I’ve lived my whole life trying to figure out how to outmaneuver suffering; yes, how to fly away. But I have no wings. What if I just surrender to Thich Nhat Hanh’s idea and let my suffering open to its fullest feathers of love? Both as a mother and as a daughter whose mother is now getting so old. My daughter and I are talking about my mom, her grandmother.
“Grandma stays up till midnight coloring. It’s true her memory is not great. I mean, it’s old age. She’ll ask the same thing over and over. But she’s happy.”
My mother is still mobile, but no longer drives. Because of her worsening dementia, she requires 24/7 care.
“Look at Thich Nhat Hanh.”
“Yeah, I heard he died.” “I love Thich Nhat Hanh. He really helped me when you guys were little.”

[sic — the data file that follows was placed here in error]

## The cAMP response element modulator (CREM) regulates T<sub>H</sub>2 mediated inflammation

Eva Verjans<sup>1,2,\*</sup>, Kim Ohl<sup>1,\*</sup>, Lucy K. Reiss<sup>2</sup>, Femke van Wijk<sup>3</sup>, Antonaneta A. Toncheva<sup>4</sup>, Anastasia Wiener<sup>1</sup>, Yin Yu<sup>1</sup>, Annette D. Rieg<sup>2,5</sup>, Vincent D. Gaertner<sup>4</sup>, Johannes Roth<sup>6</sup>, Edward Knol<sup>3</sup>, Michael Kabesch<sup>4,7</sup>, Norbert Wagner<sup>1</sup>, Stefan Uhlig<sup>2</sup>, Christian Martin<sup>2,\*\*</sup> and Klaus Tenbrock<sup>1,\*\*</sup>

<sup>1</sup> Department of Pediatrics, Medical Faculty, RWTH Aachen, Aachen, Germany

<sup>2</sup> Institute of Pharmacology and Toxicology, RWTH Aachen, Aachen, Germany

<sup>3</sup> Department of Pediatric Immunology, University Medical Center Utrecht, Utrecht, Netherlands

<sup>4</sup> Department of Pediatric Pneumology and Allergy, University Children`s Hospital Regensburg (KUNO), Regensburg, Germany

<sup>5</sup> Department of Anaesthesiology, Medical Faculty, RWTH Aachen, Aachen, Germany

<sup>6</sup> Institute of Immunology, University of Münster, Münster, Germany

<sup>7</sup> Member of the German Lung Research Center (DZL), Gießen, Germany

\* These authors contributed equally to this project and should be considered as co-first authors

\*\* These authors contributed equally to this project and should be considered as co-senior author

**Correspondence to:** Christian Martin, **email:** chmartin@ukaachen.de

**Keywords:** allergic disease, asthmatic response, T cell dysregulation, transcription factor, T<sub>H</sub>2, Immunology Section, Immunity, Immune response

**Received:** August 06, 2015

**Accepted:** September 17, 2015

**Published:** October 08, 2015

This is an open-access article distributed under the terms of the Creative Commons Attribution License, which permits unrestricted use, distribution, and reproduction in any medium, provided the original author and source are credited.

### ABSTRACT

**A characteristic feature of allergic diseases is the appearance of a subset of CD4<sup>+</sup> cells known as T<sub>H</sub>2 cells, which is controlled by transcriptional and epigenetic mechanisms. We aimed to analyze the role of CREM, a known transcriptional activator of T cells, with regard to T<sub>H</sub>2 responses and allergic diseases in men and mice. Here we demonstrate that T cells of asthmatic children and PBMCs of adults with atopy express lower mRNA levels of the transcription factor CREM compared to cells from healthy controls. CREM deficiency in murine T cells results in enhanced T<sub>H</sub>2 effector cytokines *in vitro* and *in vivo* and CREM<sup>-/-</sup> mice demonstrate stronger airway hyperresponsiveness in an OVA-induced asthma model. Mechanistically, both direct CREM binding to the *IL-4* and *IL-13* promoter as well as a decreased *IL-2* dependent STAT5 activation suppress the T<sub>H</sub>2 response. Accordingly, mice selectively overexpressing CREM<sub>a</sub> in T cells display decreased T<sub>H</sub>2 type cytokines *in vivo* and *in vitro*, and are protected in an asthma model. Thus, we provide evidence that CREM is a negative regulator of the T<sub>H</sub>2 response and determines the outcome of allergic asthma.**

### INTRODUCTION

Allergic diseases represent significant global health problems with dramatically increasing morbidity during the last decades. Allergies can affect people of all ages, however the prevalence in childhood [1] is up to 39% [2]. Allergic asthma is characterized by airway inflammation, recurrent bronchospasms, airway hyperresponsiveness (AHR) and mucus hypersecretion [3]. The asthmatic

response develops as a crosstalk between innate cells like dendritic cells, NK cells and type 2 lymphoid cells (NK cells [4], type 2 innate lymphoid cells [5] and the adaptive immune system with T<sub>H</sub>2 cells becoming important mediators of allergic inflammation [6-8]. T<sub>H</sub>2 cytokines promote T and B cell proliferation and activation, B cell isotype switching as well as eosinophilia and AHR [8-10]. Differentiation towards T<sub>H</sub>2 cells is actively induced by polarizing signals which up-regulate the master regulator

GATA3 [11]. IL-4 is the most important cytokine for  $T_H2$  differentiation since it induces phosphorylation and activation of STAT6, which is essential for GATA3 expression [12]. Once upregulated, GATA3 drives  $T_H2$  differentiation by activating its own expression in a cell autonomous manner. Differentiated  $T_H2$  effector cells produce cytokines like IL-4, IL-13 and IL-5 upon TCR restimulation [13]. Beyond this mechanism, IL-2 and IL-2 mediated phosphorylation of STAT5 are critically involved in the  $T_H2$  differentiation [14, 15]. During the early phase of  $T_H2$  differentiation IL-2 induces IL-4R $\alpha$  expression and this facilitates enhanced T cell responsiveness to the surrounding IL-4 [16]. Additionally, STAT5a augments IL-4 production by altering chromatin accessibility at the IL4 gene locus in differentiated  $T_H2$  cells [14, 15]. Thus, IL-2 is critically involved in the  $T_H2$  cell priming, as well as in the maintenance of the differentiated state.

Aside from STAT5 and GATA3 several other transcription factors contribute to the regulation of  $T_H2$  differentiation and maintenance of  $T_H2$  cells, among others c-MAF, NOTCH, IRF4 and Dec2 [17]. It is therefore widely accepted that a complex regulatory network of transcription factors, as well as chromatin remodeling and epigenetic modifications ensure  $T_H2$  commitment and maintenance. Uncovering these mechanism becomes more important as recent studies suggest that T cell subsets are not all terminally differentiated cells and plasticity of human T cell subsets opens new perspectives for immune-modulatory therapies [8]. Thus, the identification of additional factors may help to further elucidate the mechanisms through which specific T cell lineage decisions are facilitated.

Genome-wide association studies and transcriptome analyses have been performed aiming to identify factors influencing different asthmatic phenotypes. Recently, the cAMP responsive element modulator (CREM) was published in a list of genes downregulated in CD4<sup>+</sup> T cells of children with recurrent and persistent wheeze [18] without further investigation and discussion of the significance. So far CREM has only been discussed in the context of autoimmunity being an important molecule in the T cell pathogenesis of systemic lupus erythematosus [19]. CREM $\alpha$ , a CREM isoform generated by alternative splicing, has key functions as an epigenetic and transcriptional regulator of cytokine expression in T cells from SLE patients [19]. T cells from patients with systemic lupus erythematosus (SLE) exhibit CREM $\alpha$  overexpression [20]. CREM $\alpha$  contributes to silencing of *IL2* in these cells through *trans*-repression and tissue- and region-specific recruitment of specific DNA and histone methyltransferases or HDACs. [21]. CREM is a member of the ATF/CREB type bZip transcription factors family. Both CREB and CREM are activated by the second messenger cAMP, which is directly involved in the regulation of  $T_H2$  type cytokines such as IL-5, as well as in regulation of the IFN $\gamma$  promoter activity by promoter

I think of the passage of time, the impermanence of our lives. I was once a young mother, as my mother was once a young mother. What became of the women we were? So long ago, I’d insert one of his tapes in my boom box on my dresser and take a power nap atop the quilt with my toddler son near, pressing into me, before we had to wake and I’d pop Max in the stroller to rush up to the elementary school to get my daughter. The gentleness of Thich Nhat Hanh’s voice lowered the decibels of my angst.
—from the book Gather the Fragments: My Year of Finding God’s Love
by Maureen O’Brien